With Time Running Out, Alimony Reform Advocates Face Desperation in MA Senate

Massachusetts divorce lawyer Jason V. Owens writes on Sen. William Brownsberger’s efforts to block bill to end lifetime alimony.

Time is running out for alimony reform. Sen. William Brownsberger (D-Middlesex), Chair of the Senate Judiciary Committee, continues to refuse to allow a vote on a bill that would eliminate lifetime alimony for Massachusetts divorcees whose marriage ended before March 1, 2012. Brownsberger has never publicly commented on why he opposes the alimony reform bill, which passed the Massachusetts in a unanimous 156-0 vote in 2016.

Stephen K. Hitner, President of Massachusetts Alimony Reform, sent out an email to supporters today that described the situation in dire terms:

The Senate Chair (Senator Will Brownsberger), of the Joint Committee on the Judiciary, is still on the fence as to whether or not he will give his support to moving H 740 out of his committee for a House and Senate vote. H 740, must be moved forward with a favorable recommendation by Feb. 9, 2018 or it will essentially be dead. If the bill is not acted on, it will most probably take another TWO YEARS of activism to get a NEW BILL to the point that it is now.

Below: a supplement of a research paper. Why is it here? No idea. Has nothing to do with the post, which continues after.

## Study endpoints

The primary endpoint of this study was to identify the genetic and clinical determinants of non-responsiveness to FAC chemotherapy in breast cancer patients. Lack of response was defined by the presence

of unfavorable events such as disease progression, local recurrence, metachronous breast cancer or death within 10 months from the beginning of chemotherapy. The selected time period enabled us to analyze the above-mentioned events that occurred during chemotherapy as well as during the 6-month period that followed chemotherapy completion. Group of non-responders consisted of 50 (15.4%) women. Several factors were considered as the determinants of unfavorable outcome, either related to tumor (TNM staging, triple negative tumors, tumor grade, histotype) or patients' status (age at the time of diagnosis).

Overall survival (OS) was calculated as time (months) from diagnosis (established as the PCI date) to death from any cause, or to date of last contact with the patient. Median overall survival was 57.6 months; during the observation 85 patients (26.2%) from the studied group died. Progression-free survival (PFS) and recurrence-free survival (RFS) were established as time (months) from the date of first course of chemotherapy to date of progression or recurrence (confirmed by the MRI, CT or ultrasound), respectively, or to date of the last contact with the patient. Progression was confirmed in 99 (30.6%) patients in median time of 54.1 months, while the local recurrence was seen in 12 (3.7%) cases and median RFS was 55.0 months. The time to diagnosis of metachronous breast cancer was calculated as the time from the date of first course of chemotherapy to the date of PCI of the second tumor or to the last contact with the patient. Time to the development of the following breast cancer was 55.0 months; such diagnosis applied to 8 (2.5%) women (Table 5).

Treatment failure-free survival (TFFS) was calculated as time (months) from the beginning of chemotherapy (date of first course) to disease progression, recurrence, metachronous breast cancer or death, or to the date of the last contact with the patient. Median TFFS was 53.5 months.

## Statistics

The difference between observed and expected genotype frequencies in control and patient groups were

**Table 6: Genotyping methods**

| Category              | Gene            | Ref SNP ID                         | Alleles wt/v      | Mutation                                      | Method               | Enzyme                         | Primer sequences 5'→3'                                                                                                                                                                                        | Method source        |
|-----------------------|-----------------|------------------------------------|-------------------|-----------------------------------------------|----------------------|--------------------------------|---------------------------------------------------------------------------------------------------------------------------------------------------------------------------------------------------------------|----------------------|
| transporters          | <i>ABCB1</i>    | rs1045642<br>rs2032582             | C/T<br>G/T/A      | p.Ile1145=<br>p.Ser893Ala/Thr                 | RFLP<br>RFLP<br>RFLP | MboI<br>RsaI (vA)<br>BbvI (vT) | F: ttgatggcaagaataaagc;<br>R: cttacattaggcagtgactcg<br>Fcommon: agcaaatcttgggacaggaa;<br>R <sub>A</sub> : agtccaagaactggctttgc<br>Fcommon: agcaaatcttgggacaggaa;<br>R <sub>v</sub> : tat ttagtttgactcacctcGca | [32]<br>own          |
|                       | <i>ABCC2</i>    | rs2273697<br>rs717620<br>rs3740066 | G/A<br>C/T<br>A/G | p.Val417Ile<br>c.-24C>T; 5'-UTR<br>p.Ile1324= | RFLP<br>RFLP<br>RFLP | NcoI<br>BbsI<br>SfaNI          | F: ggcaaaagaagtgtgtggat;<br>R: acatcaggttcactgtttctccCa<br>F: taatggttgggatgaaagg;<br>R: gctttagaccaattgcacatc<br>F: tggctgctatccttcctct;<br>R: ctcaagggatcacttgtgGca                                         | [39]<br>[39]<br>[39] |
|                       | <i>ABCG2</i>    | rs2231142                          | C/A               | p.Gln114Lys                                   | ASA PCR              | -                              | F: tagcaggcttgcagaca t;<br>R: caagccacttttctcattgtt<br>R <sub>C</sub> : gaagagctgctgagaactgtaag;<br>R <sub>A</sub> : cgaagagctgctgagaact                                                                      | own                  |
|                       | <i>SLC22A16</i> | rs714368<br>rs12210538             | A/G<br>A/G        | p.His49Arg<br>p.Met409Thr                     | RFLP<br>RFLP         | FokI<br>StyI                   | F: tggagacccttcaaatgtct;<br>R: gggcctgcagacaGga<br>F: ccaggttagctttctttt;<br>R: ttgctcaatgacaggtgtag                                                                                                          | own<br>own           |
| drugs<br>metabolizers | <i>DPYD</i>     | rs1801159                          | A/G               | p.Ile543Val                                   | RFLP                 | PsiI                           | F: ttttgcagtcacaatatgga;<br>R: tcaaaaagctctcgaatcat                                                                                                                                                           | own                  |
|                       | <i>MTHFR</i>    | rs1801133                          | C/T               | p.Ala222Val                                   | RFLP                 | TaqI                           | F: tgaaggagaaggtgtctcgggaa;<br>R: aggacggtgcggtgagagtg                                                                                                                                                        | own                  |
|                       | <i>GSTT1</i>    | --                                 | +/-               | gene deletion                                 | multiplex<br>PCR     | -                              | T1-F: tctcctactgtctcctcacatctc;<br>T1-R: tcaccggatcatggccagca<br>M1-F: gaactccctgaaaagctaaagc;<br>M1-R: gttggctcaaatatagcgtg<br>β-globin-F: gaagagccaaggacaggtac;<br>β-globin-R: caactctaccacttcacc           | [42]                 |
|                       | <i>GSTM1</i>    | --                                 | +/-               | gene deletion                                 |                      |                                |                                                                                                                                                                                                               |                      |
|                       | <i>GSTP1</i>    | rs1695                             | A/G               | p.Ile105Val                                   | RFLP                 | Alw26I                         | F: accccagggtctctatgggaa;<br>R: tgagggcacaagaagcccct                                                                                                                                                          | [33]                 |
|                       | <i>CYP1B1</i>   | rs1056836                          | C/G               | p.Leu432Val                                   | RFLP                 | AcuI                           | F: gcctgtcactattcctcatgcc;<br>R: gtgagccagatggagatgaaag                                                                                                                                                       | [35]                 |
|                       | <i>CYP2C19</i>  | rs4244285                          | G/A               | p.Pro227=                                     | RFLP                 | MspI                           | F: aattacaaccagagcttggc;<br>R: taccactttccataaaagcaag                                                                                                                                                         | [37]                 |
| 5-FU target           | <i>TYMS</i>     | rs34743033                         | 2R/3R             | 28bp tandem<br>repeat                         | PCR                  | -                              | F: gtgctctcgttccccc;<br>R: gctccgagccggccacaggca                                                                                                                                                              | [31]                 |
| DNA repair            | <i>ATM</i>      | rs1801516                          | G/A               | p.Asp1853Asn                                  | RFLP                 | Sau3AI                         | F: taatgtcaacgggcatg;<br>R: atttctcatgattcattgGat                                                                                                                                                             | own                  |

To make matters worse, there are small groups of opponents to H 740 working very hard to make themselves heard. From what I am told, the Members of the House understand H 740, and the need for it's passage.

However, there are Members of the Senate who are more sympathetic to a few screaming voices than the plight of the many who will never have the ability to retire if H 740 is not passed.

Alimony Reform: Ending Lifetime Alimony for Older Divorces

As we have covered in many previous blogs, the alimony reform effort arose out of three controversial 2015 decisions by the Massachusetts Supreme Judicial Court (SJC), which drastically altered the widely accepted interpretation of the state’s alimony the law. Under the 2011 alimony statute, alimony terminates when the paying spouse reaches federal retirement age. The law also provides that alimony will be reduced or terminated if an alimony recipient remarries or begins cohabitating with a new romantic partner.